Funder Dispatch – Fourth Quarter, 2009

A View of Life in the Commons

To help you stay updated on our projects and relevant developments in the world of open science, Science Commons periodically sends out brief email dispatches to its funders and other stakeholders. We hope these dispatches, which will contain news summaries and links, give you more context for the work we’re doing and help foster a deeper understanding of the issues we address.

As always, we invite your feedback and comments. If you’d like to share your thoughts or get more information about anything you read, please feel free to contact us at
What to keep an eye out for in the coming quarter …

Watch for big news in the next quarter for the GreenXchange project, as we work to prepare for its presentation at Davos 2010 hosted by the World Economic Forum this January. Also, keep an eye out for more news regarding our involvement with Sage, a non-profit formed out of Merck working to build a Commons, as they continue to build consensus and draft underlying principles in preparation for April’s Sage Congress.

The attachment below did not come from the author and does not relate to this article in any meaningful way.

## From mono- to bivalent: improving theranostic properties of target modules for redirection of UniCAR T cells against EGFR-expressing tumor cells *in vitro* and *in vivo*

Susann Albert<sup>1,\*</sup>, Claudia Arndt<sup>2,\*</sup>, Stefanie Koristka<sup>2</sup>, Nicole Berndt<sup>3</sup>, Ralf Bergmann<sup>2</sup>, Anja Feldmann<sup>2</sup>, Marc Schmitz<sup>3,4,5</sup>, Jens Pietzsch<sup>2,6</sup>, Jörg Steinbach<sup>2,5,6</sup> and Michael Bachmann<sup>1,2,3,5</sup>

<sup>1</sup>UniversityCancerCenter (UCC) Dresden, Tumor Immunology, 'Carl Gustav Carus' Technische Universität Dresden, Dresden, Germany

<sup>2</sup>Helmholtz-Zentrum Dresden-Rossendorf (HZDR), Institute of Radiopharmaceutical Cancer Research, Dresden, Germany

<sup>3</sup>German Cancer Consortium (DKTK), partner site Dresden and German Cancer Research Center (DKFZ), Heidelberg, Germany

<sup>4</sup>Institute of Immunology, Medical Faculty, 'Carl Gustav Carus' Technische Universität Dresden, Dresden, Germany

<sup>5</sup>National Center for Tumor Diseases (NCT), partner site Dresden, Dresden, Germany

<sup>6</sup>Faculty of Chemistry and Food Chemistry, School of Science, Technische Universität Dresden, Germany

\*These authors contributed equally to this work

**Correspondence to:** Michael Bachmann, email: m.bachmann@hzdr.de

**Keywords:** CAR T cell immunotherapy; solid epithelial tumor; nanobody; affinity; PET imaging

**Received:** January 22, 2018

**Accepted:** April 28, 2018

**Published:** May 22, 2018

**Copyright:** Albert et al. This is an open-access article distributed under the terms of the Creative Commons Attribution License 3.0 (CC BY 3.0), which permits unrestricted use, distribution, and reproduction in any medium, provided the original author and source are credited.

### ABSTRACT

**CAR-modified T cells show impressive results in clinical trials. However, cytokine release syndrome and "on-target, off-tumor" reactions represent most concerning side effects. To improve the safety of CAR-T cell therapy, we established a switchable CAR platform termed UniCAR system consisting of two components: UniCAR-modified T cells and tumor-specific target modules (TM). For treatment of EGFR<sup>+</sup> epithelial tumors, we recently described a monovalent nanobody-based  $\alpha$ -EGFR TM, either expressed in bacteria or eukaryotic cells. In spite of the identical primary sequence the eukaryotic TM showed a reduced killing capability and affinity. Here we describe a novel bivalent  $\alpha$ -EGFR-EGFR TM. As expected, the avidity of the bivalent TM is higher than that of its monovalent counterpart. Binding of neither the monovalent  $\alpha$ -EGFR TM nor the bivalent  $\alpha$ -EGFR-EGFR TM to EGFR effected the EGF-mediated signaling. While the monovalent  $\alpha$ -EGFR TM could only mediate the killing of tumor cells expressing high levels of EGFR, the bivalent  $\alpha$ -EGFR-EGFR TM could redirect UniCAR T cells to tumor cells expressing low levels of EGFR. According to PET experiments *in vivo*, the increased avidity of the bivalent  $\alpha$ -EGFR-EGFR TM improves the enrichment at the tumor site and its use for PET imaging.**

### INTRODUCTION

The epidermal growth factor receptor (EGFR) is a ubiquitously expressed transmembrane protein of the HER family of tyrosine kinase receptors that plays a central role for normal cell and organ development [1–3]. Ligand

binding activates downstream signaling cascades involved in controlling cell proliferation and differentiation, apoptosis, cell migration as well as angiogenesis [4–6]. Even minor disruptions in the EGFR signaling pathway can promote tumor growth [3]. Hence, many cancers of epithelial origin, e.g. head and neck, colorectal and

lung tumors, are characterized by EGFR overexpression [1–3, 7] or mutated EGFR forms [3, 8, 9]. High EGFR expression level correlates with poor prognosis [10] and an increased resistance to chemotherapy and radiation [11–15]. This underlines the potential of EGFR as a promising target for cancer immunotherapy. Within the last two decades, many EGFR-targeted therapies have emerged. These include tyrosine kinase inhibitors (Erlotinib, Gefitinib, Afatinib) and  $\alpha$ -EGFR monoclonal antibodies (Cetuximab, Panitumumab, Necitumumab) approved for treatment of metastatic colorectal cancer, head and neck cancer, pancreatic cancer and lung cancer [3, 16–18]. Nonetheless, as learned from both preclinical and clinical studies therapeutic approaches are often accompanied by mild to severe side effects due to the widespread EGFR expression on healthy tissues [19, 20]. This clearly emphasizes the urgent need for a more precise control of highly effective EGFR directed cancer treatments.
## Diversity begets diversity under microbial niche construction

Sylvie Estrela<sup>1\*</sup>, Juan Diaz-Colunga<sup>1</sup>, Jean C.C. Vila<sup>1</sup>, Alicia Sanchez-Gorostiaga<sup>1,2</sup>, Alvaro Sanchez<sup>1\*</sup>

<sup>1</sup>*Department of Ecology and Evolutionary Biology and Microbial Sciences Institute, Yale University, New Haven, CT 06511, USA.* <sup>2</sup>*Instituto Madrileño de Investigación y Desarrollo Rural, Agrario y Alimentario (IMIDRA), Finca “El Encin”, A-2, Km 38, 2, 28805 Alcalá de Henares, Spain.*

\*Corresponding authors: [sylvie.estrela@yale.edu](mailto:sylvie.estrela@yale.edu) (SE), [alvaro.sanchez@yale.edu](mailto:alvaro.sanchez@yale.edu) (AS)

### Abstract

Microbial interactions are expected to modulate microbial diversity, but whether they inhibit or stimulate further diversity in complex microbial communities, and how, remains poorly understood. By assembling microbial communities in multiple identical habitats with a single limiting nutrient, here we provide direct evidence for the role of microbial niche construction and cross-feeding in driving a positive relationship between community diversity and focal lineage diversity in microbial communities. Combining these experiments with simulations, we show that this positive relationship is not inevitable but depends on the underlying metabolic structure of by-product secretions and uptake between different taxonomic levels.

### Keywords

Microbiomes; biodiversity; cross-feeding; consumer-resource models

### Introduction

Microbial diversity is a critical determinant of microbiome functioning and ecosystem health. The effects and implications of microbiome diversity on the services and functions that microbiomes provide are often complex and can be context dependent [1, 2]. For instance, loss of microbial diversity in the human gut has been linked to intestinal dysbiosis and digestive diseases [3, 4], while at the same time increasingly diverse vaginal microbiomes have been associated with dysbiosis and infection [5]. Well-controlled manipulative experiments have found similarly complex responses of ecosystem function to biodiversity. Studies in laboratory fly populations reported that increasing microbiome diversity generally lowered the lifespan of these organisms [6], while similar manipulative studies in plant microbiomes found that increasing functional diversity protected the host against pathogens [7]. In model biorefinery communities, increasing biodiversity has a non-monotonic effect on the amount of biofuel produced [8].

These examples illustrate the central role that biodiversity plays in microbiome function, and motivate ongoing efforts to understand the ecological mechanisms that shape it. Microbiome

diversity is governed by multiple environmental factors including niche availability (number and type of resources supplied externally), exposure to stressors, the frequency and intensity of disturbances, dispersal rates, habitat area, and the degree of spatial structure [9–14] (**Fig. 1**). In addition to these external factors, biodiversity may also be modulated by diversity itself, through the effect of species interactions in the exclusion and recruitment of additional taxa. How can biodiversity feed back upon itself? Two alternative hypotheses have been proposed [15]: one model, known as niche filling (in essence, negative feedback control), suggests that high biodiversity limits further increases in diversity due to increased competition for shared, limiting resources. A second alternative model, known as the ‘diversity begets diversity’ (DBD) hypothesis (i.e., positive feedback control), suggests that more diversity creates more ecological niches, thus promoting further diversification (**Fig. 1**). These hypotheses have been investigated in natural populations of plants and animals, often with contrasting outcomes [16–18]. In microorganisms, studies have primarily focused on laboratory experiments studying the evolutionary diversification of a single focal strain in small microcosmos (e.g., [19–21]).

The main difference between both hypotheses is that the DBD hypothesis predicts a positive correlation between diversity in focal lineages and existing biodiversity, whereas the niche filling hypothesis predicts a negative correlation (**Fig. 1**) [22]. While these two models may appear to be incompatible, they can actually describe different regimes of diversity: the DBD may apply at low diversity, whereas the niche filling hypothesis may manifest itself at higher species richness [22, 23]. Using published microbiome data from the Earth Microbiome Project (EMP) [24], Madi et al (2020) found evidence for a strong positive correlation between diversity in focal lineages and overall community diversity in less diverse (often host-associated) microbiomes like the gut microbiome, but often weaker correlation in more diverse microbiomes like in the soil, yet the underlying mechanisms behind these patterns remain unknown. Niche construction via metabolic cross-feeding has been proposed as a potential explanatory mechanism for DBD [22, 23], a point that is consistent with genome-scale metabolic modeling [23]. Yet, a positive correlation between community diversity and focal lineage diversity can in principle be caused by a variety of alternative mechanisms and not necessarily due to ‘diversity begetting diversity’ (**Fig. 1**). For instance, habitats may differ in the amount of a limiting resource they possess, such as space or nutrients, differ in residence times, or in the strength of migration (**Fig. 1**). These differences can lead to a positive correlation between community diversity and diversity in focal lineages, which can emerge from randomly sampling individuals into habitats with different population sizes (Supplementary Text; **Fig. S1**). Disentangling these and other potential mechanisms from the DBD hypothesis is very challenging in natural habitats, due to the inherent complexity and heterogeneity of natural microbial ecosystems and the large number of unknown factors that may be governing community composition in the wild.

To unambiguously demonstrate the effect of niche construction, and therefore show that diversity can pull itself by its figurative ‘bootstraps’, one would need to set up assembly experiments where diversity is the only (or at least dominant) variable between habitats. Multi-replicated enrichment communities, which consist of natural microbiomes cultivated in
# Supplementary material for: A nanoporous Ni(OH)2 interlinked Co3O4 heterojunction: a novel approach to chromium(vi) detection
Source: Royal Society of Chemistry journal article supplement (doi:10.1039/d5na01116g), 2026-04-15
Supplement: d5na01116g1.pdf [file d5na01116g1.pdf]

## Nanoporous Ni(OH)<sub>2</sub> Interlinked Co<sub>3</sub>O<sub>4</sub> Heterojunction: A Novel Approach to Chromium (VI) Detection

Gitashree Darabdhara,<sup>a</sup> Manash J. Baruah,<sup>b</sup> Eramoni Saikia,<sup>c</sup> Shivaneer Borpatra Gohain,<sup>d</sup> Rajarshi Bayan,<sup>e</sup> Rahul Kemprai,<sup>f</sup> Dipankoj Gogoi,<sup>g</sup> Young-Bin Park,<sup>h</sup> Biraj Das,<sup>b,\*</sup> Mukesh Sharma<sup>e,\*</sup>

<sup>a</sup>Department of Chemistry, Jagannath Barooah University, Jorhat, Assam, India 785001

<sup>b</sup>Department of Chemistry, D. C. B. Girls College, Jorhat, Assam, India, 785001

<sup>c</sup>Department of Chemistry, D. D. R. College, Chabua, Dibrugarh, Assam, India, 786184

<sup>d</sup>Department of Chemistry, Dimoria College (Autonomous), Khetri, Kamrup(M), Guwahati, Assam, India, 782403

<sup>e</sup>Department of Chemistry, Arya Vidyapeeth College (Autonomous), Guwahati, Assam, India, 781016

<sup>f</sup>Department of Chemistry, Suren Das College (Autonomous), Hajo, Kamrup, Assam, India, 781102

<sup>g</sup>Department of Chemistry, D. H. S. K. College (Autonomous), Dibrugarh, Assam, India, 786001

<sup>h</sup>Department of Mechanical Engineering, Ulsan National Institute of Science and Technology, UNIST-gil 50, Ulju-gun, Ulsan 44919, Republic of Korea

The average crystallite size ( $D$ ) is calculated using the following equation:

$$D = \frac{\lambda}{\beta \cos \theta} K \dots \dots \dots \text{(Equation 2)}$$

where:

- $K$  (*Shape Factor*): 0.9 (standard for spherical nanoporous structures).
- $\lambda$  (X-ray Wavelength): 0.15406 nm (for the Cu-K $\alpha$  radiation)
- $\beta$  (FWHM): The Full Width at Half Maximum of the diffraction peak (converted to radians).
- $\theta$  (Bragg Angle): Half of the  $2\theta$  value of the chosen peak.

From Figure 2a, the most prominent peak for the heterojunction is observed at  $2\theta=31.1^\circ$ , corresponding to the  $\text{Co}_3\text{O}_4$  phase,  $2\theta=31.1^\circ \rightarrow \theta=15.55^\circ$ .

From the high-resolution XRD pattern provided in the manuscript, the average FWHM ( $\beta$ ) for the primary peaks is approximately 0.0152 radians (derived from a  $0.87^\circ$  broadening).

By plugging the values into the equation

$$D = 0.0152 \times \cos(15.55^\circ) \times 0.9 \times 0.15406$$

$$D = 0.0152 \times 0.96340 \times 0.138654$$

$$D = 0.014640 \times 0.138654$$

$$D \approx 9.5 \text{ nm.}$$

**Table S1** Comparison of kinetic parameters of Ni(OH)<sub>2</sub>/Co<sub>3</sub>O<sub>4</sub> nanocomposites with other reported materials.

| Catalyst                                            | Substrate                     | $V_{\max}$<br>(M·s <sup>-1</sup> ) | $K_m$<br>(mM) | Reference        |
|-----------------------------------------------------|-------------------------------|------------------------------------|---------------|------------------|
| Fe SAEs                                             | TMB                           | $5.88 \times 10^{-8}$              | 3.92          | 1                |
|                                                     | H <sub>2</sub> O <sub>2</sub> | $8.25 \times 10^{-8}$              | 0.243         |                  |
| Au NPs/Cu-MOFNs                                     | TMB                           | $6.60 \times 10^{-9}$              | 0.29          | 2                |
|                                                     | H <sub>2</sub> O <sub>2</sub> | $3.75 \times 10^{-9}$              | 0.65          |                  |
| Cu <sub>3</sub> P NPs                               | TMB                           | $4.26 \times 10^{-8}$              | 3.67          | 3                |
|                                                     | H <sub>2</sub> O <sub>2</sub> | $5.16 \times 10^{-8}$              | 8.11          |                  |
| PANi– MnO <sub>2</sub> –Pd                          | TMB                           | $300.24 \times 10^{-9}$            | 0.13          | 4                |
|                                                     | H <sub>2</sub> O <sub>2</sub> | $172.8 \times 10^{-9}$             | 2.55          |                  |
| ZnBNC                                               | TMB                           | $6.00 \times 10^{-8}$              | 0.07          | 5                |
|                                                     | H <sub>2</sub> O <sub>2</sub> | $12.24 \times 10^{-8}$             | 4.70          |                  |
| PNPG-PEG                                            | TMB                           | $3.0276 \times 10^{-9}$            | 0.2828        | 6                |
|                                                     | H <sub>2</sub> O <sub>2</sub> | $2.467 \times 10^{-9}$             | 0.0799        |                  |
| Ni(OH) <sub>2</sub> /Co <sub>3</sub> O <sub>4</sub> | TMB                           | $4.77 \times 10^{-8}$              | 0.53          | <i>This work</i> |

What has been achieved this quarter?

In the past quarter we have been working on community development for Sage, from convening a series of international forums in October, to creating working groups, building community and preparing for upcoming events in January and April. We continue to move forward with infrastructure development for the GreenXchange, from use case development and interviews with partners such as Best Buy, Nike and Yahoo, to legal development of a common open patent license. This is in preparation for Davos 2009 hosted by WEF. The team spent a significant amount of time this fall on the road engaging with various communities and continuing the education process on open innovation, the benefits of Open Access, the Semantic Web and ontologies, and data sharing.

Project Updates

Putting Polar and Climate Change Data in the Public Domain — The Polar Information Commons